A line from one of my favorite Psalms is, “The boundary lines have fallen for me in pleasant places.”
What is your first reaction when seeing those two words together in one sentence: boundaries and pleasant?
For me, the idea that boundaries could be pleasant seemed incredibly foreign.
But when you need to establish boundaries, that need makes itself known sooner or later, whether you like it or not. As an Enneagram 2, Myers-Briggs ENFP, and overall people pleaser, it’s like I was designed to burn out. Living and working in D.C., I have found that burn out is a common issue shared among many who live and work here.
Whether it is a task before us, or people we desperately want to please, we seem prone to run ourselves aground far more than we should. We encounter difficult seasons and difficult people (as discussed here previously), but is our way of life sustainable? You might need some boundary work like me.
Since this is a short article, I am sharing three books I have read on the subject of boundaries and a major theme I learned from each of them. Two authors are responsible for these books, Dr. Henry Cloud and Dr. John Townsend. If you are not familiar with these authors, the book titles are Boundaries, Beyond Boundaries, and Necessary Endings. I would encourage you to engage with all of them at some point. But for now, I’ll give you an example. Then, let’s hit a major theme from each book, and see if my and/or your way of life is sustainable.
I Need Boundaries?
If there is one thing I can say about my 20s, it’s that it helped me realize I have limits – emotional, physical, and relational limits (this late realization is a common issue among Enneagram 2s and ENFPs). A simple example, from my own life, is that for a couple years I’d spend almost every weekend with a group of friends at one of our houses. I absolutely enjoyed all the quality time in that season, but it clearly was not sustainable in the long run; I did not sleep well, was not getting basic life things done, and was not taking time for myself. Eventually, I’d exhaust myself before I could say, you know what, I need to go home. Is this just me? Perhaps.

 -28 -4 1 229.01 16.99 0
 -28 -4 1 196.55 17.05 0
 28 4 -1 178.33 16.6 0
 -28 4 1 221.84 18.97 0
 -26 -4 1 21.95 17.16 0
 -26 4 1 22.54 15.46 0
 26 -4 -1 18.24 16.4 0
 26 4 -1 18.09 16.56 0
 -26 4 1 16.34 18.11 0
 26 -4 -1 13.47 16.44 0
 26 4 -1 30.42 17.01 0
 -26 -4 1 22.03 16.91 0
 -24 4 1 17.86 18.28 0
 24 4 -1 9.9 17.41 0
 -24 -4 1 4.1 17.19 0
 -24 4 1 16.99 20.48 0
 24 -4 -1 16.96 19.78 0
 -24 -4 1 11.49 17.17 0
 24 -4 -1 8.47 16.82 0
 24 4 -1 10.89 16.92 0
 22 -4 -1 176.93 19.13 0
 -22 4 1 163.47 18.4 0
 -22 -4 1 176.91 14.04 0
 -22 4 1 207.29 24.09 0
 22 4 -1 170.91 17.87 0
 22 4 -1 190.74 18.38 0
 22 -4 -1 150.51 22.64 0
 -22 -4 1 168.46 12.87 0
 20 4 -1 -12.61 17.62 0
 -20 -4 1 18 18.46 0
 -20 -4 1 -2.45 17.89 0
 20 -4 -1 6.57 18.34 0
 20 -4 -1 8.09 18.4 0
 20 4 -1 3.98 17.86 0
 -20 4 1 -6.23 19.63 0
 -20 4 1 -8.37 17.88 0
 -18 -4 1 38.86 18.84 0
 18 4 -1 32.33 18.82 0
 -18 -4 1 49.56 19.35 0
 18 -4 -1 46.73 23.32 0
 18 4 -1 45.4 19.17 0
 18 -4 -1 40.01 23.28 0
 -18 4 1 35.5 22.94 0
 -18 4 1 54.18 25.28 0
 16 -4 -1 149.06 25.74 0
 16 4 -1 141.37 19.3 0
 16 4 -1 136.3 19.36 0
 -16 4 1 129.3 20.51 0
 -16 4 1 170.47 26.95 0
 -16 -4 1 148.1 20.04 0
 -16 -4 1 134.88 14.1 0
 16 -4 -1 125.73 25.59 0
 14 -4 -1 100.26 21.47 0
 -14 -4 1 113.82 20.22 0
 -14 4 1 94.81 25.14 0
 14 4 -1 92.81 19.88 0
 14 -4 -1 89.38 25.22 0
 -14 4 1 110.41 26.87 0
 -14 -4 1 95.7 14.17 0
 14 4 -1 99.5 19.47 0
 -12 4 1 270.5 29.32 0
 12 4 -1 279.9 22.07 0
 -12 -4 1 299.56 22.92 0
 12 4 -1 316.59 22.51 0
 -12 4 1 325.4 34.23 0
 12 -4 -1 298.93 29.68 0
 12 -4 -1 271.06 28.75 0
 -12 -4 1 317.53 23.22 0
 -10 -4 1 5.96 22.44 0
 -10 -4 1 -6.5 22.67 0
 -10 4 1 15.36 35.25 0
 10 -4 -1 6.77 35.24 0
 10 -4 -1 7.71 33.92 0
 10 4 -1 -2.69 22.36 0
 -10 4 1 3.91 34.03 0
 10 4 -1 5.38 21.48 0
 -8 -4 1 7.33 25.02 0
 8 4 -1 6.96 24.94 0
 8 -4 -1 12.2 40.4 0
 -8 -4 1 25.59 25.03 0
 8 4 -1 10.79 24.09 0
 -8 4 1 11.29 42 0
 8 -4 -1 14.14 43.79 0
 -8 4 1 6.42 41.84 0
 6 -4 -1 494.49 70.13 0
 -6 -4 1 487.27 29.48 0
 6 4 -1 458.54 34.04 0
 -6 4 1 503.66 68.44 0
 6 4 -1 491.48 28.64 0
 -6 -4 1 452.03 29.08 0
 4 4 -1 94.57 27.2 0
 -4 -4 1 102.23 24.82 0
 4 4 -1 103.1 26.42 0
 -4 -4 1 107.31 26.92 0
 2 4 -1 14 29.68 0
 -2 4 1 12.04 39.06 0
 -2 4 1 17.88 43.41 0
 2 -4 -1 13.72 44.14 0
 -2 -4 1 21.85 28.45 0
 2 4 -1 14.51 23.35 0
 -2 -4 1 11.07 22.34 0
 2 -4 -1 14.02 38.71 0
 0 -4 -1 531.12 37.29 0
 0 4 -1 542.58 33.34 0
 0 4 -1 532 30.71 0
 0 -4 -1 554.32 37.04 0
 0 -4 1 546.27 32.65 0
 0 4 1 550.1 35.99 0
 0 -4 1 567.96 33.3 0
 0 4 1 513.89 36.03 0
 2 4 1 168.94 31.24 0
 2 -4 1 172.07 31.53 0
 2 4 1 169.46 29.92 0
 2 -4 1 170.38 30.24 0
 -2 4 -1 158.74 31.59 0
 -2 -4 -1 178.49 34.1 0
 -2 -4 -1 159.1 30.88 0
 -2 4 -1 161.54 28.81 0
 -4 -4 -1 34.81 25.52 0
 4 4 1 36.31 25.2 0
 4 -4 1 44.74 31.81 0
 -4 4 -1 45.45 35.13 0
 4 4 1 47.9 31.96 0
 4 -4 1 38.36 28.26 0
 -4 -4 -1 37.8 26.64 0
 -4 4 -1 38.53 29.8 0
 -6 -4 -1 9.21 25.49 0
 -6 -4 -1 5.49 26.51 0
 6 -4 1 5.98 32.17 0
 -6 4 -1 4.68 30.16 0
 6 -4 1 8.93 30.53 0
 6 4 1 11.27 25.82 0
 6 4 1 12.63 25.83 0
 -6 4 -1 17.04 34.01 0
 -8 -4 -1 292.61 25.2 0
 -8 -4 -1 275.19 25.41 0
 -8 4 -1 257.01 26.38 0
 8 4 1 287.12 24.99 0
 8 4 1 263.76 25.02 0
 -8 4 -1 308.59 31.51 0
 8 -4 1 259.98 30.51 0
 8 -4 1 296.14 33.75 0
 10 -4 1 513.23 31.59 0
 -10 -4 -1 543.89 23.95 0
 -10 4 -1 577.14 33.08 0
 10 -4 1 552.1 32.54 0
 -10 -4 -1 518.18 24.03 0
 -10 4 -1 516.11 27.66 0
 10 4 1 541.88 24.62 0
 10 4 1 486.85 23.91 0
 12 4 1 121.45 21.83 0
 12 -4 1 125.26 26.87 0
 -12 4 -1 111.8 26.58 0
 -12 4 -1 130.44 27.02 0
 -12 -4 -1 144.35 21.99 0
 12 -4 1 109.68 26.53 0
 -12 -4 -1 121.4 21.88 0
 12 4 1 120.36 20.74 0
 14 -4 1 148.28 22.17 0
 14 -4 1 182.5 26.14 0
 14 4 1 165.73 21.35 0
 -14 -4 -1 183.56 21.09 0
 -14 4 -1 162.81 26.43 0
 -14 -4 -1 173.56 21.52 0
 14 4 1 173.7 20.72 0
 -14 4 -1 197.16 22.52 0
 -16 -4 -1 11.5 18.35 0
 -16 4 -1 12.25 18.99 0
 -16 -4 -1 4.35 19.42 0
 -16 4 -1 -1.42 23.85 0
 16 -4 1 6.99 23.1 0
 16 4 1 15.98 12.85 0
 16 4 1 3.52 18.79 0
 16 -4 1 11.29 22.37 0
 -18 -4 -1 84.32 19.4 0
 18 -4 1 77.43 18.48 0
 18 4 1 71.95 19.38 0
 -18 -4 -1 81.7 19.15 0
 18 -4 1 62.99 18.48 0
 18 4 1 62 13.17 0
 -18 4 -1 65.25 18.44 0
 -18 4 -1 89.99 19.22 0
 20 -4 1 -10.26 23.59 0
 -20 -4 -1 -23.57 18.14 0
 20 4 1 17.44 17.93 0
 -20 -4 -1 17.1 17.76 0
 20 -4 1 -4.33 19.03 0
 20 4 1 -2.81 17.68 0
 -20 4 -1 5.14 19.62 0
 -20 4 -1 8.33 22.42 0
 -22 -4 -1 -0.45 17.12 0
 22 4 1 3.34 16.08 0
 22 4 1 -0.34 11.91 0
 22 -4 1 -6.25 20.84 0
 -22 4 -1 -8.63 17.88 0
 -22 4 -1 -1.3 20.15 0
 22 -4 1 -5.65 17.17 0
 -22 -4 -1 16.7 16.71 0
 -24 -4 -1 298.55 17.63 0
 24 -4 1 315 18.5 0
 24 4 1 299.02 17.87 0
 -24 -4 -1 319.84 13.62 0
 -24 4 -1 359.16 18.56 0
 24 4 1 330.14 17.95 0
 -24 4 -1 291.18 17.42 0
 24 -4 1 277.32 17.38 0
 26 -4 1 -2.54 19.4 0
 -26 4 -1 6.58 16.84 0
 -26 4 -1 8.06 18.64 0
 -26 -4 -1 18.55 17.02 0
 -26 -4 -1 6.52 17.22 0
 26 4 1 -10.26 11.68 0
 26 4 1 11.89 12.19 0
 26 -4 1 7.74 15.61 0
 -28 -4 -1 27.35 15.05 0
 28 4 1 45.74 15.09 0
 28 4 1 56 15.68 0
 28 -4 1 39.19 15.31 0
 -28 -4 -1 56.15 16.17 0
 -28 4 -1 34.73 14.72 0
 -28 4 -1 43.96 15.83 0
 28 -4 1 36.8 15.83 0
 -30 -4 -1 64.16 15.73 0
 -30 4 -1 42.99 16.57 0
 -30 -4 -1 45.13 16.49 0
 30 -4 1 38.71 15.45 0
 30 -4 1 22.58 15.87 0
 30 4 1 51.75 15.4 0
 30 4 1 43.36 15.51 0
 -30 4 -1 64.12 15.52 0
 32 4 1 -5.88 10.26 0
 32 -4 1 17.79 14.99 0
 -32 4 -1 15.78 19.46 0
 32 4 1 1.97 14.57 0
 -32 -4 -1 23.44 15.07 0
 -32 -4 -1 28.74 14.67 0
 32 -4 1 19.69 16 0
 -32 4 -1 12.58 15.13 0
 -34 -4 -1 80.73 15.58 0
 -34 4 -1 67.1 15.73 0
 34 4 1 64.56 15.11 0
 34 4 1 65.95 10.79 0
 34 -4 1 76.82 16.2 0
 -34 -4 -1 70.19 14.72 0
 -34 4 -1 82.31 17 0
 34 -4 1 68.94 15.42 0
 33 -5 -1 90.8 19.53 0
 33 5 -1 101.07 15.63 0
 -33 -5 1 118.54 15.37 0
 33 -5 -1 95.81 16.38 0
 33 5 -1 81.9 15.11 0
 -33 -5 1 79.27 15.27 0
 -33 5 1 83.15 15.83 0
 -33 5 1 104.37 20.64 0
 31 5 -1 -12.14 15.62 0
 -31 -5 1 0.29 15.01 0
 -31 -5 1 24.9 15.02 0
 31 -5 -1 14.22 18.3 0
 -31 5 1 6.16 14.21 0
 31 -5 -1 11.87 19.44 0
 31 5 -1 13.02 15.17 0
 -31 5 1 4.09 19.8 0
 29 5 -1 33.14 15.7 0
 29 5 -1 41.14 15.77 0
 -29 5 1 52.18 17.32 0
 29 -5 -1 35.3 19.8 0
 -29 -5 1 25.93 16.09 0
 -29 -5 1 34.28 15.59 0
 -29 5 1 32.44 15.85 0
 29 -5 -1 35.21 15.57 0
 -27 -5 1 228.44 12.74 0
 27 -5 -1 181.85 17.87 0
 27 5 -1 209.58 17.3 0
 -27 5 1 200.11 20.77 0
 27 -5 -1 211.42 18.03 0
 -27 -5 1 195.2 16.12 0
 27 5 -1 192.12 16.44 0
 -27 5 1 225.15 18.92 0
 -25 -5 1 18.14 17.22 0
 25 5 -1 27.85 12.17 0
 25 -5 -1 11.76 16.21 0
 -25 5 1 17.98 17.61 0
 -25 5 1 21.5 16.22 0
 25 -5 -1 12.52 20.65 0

This issue is relatively harmless, but the pattern played out in other areas. I pushed myself to the breaking point and assumed I could bounce back from anything. Until a time came where I realized I wasn’t bouncing back so easy, if at all. All along, I saw warning signs, or felt them, yet chose to ignore them. Had I paid more attention to them, and taken them as valid, I could have made wiser and healthier decisions.
#1: feelings are valid.
Enter Boundaries. I found this book at a Barnes and Noble with a gift card that someone gave me. Little did I know how necessary it would be. I read, and slowly realized, one, I was not crazy, and two, I began to conceptualize the positive and negative patterns in my own life. These patterns were laid out in this book like a script.
After reading, I sat across from a friend, in conversation over pizza at Costco, who was one of the first to tell me that my feelings were valid. When I first heard him say that, I was grossed out that someone tried to acknowledge my mess of feelings. I was shocked at the visceral response I had in myself.
My upbringing taught me not to trust feelings, or that I felt too much. Any guard I had against my own boundaries or unhealthy environments was numb. I did not trust myself. From here began a long journey to acknowledging the validity, the reality, and honesty of my own thoughts and emotions.